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msnbc.com
updated 10/28/2008 1:29:39 PM ET 2008-10-28T17:29:39
Analysis

CHICAGO – Here’s my advice to Sen. Barack Obama’s supporters: Stop predicting that the Democrats will sweep into the White House and Congress come January with a mandate to expand Big Government.

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That prospect, coupled with some of your candidate’s own tax and health-care plans, could scare swing voters you need next Tuesday.

Even if Obama wins, those voters won’t give him the benefit of the doubt he’ll need to govern as the “uniter” he claims to be.

Obama needs to underscore — there's no risk of doing it too much — that he doesn’t like government for its own sake, but for the sake of individuals and families.

He has to keep explaining that he wants to put money in a hundred million pockets and purses (except for those of the top 5 percent or so whom he'd have pay more in taxes) so that all of us, even the rich, can benefit from a thriving economy. He has to make sure that he isn’t advocating government-run — in contrast to government-aided — health care.

On these and other issues, he also needs to reassure voters that he will not necessarily march in lockstep with resurgent Democrats who will want to launch a top-to-bottom New New Deal and reverse the Reagan Revolution 28 years after it took place.

Obama’s rhetoric and proposals are careful to acknowledge history, including Reagan's influence. Obama's for tax cuts, he says, more than tax increases. He’s for helping folks get more health care, not for mandating that they get it. He's for regulating Wall Street more, but not necessarily more than even the Bush administration is now proposing.

Dirty words
In the country, and much of the world, we’ve long since decided that the State with a capital “S” is not the answer to the longings of the human soul. That was the struggle of the 20th century and its wars, cold and hot. We stood for freedom more than the State, which is what we have supported for more than two centuries.

And yet, we are a practical people. We know that we need government. In one way or another, almost every American politician is or was a “redistributionist.” We do it all the time. Redistributing is a good bit of what government in fact does, for better or worse.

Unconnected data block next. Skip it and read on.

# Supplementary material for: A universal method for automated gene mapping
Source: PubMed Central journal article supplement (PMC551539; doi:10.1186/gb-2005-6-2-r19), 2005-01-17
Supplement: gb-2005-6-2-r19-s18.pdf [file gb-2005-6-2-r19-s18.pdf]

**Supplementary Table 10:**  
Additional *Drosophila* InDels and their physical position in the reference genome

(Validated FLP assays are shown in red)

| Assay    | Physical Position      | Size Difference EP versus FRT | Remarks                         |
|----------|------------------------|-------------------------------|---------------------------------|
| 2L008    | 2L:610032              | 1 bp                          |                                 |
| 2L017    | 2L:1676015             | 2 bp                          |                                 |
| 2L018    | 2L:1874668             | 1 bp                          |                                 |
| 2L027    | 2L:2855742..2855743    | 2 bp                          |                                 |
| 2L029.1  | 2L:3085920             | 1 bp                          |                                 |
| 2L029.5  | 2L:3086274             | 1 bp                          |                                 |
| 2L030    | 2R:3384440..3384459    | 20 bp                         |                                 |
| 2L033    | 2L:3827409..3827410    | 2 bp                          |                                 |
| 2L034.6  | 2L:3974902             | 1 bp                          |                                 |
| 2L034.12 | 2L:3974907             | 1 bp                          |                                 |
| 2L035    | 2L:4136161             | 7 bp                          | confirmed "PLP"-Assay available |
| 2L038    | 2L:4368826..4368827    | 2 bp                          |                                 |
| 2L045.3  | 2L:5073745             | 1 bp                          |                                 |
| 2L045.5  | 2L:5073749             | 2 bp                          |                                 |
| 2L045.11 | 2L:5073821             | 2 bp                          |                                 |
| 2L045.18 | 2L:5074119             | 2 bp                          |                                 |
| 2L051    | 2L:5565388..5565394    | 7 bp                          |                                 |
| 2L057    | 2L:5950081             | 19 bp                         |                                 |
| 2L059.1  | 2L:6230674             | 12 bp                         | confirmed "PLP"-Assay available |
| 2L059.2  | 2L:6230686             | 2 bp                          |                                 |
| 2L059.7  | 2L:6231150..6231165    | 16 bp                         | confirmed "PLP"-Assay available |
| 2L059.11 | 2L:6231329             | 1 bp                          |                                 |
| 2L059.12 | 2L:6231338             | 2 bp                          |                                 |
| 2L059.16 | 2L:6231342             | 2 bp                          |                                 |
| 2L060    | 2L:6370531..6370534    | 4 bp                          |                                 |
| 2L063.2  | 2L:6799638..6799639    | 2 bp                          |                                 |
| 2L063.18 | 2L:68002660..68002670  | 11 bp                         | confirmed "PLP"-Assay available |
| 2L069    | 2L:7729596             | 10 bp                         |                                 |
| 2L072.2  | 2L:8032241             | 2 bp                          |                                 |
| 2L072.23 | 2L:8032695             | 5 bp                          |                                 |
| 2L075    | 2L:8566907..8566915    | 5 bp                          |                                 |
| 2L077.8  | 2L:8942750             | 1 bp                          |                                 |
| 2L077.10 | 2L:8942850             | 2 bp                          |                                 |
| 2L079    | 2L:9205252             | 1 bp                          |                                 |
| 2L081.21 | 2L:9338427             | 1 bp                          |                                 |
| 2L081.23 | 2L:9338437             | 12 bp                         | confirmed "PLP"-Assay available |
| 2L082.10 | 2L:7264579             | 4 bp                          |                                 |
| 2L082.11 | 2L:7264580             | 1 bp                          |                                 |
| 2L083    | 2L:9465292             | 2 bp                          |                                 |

Every time we monkey with the tax code or federal spending we are “redistributing” benefits —whether it is to welfare recipients or to the top bracket, or to one region or industry versus another.

Interactive: How it works: Voting technology It’s just that we don’t like to admit it, because it undercuts the cherished idea that we are frontier individualists, forging our destiny through the exercise of our brains, will and God-given freedom.

We are not always willing to acknowledge a competing idea that also lies deep in the American grain: that a rising tide lifts all boats (as Jack Kennedy said), and that it’s in everyone’s best interest to assist those who need help just to enter the game, let alone win it.

Selling Uncle Sam
The trick in American politics has always been to sell government as a tool for enhancing the power and prospects of the individual. That is how we’ve sold ourselves on the need to pay for (that is, pay taxes for) everything from roads and bridges in the 19th century to higher education, job-training and Social Security in the 20th century.

Now, Obama is suggesting, it’s time for some 21st-century targeted government.

He has to remember to keep it targeted, especially since we have spent ourselves into near bankruptcy as a country and as a people.

It’s easy to ridicule Sen. John McCain’s late-in-the-game effort to paint Obama as a “socialist.” Obama is no socialist. But he does believe in a more activist government than has been espoused in this country since the days of Lyndon Johnson.

Obama and his strategists understood that there was danger in this and designed their campaign to avoid it. His tax plan, for example, accepts, at least in theory, the basic precept of the Reagan Revolution, which is that cutting taxes is good for economic growth. Those who did research for him, many from the New America Foundation, searched for third-way market solutions to social problems.

But McCain was right to raise the question about just how much government Obama really wants.

It may be too late to do McCain much good, but not too early for Obama to ask himself that same question.

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